[Vwdiesel] Broken Bleeder Valves

James Hansen jhsg at sk.sympatico.ca
Thu Mar 13 10:44:52 EST 2003

Roger sez:

> The stitch welder attachment is just a half wave diode, so gives
> you a 60Hz AC ripple current with every other cycle filtered
> out.  Bascially lets you run a higher voltage for a stable arc
> but cuts the current in half for less heat.  That coupled with
> the very small rods that you need to use with the unit allows you
> to run an AC buzz box on thinner sheet metal.  I recently sold
> the one that I got with my arc welder after I got a MIG.

Oh, so this is a unit on an A/C stick welder?  I get it now.  It would be
MUCH easier to start the arc repeatedly with higher voltage.  Huh, never
seen one here, too many migs for a looong time I guess.

What I was referring to was a feature on some mig welders that allow you to
stitch or skip weld using a timer to control on-off times, instead of using
your trigger finger.  You basically point where you want to start, pull the
trigger, and just keep moving as if you were continuously welding, but the
fire starts and stops, letting you do very good low distortion work on thin
panels. You can do the same yourself with trigger modulation, but the
temptaion to prolong the weld times and get distortion is removed.

Yeah, I just had a look at Eastwood, i see what you are taking about now.  I
had some of these little rods for welding light panels with a/c stick.  Man
you had to be fast.  I can see where the stitch feature would be nice.   How
did it compare to the mig you have now Roger?  I could see some advantages
with the stick welder, being less prep required, rust and paint not as much
of an issue.

Oh yeah, Nate- your prep time is greater with a mig, particularly with gas
sheild.  It does not tolerate weld impurities as well.  This can be
alleviated some by the sheild gas you use, and the filler wire used, but
still is an issue.  If you weld  old rusty iron, d/c stick is still
preferred.  It can certainly be done, but there is some technique that takes
some experience to get on to.

Oh- there is a product called FLAMEX that is a blend of gasses, mostly
propane, that runs hot enough to gas weld with.  You buy it for similar
costs to propane, but it is a tad hotter, and cuts better too, so I'm told.
As I said, I will ditch the acetylene next time the contract is done, and
get propane, or flamex.  I can't bear the though of not being able to gas
weld.  There is a purpose for it which is hard to replace at times, but for
the fiddly little stuff, I guess I still have a jeweler's acetylene setup
and the little bottles. The big tip is pretty hot.
I was told once that propane flame is too oxidizing- or too clean burning to
weld properly. Acetylene is very rich in carbon, even with a neutral flame
there is excess carbon that prevents surface oxidation and slag formation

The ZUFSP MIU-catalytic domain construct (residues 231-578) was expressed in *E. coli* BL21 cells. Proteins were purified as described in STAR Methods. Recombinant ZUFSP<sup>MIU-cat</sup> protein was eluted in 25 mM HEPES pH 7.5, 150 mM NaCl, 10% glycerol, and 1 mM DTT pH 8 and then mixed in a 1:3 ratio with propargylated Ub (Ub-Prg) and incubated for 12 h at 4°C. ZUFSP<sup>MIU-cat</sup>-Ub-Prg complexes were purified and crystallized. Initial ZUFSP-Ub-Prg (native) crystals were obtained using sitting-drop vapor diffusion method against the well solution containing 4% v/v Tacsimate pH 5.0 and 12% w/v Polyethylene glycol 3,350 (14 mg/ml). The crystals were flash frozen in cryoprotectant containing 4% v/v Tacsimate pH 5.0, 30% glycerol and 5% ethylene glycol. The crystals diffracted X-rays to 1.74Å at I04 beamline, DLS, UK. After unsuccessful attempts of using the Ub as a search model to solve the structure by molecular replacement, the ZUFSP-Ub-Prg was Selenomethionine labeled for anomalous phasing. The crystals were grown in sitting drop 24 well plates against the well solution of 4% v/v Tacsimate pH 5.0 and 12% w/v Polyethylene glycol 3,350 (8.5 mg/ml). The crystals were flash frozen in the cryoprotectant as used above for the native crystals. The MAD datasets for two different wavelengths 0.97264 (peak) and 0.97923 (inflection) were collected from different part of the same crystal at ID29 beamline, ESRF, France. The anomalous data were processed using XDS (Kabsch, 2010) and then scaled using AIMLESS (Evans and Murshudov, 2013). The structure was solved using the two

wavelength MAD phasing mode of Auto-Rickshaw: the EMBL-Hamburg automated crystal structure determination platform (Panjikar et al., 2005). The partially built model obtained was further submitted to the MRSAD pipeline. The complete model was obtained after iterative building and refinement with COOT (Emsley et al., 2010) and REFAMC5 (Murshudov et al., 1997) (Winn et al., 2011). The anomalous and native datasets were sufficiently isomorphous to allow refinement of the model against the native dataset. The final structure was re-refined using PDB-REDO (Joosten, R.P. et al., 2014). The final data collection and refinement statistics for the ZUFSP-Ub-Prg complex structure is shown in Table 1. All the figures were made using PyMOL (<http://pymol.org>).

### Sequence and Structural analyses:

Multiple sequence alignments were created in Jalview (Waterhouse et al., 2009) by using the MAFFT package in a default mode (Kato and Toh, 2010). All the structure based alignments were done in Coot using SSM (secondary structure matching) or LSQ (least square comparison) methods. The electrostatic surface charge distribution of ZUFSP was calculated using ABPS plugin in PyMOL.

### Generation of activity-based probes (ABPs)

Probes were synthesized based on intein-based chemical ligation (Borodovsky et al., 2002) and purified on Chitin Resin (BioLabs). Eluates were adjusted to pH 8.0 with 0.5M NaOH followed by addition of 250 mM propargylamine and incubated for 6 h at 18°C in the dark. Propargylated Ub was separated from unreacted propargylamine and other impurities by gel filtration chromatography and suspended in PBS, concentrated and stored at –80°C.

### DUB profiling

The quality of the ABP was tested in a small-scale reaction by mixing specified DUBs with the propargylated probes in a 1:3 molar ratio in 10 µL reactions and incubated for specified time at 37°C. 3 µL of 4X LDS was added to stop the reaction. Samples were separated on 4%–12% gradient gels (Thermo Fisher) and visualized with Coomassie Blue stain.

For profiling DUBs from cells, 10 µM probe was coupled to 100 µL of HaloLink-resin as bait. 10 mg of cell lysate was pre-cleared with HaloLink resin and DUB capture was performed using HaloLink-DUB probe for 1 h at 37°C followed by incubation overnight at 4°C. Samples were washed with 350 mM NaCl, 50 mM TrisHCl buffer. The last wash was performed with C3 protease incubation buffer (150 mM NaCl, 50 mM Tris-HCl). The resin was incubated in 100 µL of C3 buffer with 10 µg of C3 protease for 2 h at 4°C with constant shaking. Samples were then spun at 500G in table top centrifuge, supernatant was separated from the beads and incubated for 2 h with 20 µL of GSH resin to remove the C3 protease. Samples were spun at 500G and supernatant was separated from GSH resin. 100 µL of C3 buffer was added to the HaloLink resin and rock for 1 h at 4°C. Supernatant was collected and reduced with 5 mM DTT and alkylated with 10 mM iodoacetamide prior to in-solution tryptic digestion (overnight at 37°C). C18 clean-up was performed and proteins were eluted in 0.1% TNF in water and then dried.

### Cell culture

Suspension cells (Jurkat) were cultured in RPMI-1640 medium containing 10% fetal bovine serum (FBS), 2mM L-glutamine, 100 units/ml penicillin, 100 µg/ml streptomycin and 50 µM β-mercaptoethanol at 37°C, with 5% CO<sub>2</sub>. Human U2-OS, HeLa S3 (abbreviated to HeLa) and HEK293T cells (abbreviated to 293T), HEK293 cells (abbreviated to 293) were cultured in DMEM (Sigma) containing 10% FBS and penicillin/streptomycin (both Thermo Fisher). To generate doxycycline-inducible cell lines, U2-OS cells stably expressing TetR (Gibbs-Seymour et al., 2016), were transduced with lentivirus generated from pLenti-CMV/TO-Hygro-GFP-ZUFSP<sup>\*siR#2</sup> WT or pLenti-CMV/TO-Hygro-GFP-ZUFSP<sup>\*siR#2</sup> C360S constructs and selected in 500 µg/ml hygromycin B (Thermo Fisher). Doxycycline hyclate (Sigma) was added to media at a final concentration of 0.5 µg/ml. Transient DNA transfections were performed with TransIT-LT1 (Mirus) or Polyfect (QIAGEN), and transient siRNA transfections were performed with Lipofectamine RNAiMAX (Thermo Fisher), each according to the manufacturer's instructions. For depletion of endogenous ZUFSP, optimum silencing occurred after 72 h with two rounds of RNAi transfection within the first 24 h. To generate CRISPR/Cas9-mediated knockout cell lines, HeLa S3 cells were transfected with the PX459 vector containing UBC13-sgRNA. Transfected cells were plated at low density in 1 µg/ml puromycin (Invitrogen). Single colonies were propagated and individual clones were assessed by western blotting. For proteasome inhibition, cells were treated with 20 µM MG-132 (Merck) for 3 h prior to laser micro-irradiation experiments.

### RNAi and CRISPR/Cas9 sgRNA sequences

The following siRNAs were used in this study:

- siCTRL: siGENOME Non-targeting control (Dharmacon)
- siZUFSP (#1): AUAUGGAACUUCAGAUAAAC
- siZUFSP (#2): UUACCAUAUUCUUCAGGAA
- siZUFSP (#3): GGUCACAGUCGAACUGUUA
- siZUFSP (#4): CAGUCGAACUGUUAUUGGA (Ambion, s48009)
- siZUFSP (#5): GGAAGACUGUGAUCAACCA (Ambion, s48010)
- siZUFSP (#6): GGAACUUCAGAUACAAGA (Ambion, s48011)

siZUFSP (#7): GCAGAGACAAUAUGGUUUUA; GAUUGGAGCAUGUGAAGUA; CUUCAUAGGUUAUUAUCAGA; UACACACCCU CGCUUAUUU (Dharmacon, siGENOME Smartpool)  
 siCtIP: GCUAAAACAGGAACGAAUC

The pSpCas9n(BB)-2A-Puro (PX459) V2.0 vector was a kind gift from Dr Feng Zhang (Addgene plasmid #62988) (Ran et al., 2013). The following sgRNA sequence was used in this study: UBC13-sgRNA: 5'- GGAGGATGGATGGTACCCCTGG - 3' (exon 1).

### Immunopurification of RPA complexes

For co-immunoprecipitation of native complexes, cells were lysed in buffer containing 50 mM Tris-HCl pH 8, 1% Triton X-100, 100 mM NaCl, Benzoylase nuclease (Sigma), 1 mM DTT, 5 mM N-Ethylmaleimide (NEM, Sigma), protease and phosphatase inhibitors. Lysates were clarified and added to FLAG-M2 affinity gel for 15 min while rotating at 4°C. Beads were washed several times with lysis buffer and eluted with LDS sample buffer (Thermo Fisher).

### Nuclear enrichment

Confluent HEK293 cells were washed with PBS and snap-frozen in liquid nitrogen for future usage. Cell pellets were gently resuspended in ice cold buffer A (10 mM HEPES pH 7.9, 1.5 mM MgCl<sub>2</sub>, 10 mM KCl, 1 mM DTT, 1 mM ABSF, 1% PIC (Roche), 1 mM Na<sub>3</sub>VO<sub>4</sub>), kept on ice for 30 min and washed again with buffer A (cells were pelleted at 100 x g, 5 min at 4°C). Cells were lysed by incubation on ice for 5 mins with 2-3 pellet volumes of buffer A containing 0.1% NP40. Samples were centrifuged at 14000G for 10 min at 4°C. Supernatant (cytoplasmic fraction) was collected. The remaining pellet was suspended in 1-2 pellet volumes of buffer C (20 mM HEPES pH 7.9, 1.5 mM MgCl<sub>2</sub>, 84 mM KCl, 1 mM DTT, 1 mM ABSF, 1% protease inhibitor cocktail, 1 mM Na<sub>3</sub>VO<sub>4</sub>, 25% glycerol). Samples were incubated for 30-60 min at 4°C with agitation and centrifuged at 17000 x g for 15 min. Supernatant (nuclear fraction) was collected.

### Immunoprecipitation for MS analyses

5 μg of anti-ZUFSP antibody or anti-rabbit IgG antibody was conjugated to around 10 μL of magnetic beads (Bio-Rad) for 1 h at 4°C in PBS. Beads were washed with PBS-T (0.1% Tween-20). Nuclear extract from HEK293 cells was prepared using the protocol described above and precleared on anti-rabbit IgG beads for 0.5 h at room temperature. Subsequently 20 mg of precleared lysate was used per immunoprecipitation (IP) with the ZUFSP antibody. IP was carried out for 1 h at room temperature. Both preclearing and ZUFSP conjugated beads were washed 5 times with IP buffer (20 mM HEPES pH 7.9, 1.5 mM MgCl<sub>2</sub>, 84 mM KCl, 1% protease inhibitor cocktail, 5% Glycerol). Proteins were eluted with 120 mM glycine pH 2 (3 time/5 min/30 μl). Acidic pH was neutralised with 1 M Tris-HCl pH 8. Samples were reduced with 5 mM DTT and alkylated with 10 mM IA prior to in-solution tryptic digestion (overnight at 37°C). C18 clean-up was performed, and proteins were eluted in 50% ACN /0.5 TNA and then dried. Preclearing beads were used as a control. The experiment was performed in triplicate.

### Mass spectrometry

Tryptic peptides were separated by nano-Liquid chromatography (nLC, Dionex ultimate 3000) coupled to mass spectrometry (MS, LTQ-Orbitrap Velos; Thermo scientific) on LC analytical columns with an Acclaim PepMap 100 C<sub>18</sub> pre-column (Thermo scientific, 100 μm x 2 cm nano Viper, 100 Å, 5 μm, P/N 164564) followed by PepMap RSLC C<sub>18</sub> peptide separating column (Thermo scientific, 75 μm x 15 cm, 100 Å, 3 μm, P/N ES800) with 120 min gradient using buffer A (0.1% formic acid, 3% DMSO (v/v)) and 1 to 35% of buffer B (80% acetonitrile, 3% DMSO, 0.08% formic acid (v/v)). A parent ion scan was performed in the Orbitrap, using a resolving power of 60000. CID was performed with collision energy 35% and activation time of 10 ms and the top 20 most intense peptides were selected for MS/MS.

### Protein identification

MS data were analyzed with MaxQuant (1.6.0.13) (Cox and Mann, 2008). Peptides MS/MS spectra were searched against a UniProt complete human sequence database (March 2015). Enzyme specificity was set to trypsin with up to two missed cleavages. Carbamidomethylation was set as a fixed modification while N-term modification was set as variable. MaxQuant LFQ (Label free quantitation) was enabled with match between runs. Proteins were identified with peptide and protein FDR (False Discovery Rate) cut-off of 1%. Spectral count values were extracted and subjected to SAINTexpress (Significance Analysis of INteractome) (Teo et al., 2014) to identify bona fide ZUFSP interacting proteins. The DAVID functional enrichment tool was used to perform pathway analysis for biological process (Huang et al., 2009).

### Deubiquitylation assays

allowing the steel being joined to flow together.  Flamex has other carbon
sources in it to make it hotter, and more carbon.

On a sidebar, mostly for Harmon, there is a huge diference between a carbide
miner's lamp or a bicycle lamp that dribbles a drop of water every now and
again, to make enough acetylene to support a candle's amount of fire, and an
acetylene generator sufficient to power a torch.  Almost every local town
had a blacksmith at one time.  There are also stories associated with each
town's blacksmith, and usually at least one of these stories relates to how
the shop was levelled by the blacksmith's acetylene generator either
leaking, over-generating to the point of overpressure explosion, etc. You
can buy acetylene in relatively safe tanks in stable form.  This is a
definite advantage.  Discovering the vagaries of acetylene generation would
best be left to someone else.  the level of technology hasn't changed
terribly much from years ago to now.  Controlled dribbling of water on
calcium carbide.  TOo much water, gives too much acetylene, in a brass tank,
mixed with O2.... hmm, you see the result? Happened LOTS in the days it was
the only way to have acetylene.  I have been told a lot of these stories,
being a blacksmith and all.

 Mark, you know at what pressure it does spontaneously oxidize whan mixed
with O2?  I would assume it would have some to do with the percentage...  I
never did subscribe to the 15psi or boom theory either, it makes little
sense, but in the presence of O2, now that I can buy.
However, anyone not running flashback arrestors on their hoses is using a
bomb.  When you first light up, if there is a small leak somewhere, and the
hoses have O2 in them from sitting, it can explode all the way back to the
regulator, which touches off the tank.  Local fellow died a few years back
from just that.  A flashback arrestor screws into the regulator body just
before the hose, to provide a one-way valve so nothing gets into the
regulator. Twenty bucks can save your life.

I've prattled on enough...

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